New DNA evidence suggests a new timeline needs to be drawn up for human evolution with the discovery of DNA evidence that the oldest known common male ancestor is 340,000 years old. This is more than twice as old as previous estimates.
According to a report published in the American Journal of Human Genetics, while “all previously compared DNA samples pointed to a common Y chromosome traced back to man who lived between 60,000 and 140,000 years ago, samples obtained from a recently deceased African American man in South Carolina named Albert Perry broke the trend, not matching up with this common ancestor.” The sample was actually submitted by one of his relatives to a company called Family Tree DNA for analysis.
"It's a cool discovery," Jon Wilkins of the Ronin Institute in Montclair, N.J., told New Scientist. "We geneticists have been looking at Y chromosomes about as long as we've been looking at anything. Changing where the root of the Y-chromosome tree is at this point is extremely surprising."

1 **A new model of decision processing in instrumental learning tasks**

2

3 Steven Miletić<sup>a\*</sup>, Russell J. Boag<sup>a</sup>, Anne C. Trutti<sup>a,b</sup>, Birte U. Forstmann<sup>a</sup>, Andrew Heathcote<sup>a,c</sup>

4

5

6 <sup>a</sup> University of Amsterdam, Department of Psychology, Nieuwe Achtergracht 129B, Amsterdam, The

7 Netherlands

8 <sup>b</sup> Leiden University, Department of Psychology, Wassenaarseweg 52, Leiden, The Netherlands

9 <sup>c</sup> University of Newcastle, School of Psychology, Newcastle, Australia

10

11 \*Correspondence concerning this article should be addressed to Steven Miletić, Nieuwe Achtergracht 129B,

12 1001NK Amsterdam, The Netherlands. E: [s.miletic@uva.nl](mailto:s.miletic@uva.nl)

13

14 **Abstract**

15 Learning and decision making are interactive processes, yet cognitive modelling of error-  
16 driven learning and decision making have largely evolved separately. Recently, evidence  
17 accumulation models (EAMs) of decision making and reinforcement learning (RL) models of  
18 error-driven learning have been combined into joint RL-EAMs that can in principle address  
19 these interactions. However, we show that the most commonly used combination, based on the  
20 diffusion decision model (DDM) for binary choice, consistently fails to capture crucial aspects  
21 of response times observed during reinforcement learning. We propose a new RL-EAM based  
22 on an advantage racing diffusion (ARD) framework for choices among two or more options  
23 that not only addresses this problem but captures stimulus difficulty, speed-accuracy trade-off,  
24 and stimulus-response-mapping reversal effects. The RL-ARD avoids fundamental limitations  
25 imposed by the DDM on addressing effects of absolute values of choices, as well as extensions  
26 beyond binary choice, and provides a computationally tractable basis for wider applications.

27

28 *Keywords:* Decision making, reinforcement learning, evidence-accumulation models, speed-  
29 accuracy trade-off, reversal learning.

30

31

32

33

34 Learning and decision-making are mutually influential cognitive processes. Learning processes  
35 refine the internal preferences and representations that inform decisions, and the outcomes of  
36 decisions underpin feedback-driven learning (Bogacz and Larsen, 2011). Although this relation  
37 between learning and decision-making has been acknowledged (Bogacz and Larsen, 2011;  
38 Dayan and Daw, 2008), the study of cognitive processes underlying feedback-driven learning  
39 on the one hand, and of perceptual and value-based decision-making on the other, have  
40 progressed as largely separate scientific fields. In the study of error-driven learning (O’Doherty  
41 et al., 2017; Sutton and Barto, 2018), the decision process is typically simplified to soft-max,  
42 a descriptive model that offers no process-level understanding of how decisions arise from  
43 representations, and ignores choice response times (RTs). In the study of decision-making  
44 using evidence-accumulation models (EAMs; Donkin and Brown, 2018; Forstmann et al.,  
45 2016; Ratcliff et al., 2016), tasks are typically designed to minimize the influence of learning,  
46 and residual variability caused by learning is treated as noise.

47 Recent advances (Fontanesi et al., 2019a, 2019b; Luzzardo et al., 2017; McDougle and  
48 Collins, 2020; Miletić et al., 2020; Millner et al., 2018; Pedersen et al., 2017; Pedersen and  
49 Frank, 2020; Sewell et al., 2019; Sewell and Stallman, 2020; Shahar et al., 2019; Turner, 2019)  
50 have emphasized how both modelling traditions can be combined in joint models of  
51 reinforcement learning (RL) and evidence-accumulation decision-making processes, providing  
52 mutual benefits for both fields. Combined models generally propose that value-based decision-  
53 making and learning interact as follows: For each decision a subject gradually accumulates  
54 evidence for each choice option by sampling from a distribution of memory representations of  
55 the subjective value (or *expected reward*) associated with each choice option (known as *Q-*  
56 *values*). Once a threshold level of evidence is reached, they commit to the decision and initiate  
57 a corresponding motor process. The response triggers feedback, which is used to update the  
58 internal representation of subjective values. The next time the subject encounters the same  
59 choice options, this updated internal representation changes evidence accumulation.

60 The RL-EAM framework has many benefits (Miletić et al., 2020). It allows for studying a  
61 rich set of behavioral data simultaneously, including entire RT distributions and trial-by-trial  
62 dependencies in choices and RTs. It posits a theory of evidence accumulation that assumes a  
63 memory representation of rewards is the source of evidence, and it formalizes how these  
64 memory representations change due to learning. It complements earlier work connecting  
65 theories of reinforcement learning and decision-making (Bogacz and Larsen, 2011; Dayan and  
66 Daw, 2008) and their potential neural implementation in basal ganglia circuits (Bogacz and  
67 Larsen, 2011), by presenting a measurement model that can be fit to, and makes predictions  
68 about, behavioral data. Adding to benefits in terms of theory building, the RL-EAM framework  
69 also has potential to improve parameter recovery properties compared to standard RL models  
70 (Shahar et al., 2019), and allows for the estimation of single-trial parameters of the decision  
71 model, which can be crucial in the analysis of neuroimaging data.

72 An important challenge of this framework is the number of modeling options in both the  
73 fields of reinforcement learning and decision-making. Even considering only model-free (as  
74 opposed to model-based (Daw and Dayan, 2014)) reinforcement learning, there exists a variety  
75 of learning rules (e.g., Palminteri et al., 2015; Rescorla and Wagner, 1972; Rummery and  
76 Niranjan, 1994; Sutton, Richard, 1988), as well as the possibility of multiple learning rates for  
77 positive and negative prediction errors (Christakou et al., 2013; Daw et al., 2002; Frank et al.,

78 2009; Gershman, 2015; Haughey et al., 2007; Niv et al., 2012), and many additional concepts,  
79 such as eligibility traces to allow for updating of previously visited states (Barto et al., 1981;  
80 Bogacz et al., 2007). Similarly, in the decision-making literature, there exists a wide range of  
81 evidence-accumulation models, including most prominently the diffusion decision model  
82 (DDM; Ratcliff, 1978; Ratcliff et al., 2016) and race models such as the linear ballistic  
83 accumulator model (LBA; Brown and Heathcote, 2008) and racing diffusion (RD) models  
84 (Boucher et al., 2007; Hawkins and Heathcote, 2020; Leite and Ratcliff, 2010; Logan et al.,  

After the initial tests on Perry’s DNA, geneticists at the University of Arizona conducted further tests to confirm the anomaly. The Y chromosome in Perry’s test matched up with those of 11 men who all lived in one village in Cameroon.
University of Arizona researcher Michael Hammer says "Perry’s DNA suggests there may have been an earlier species of humans that went extinct, but not before interbreeding with the more modern version of man."
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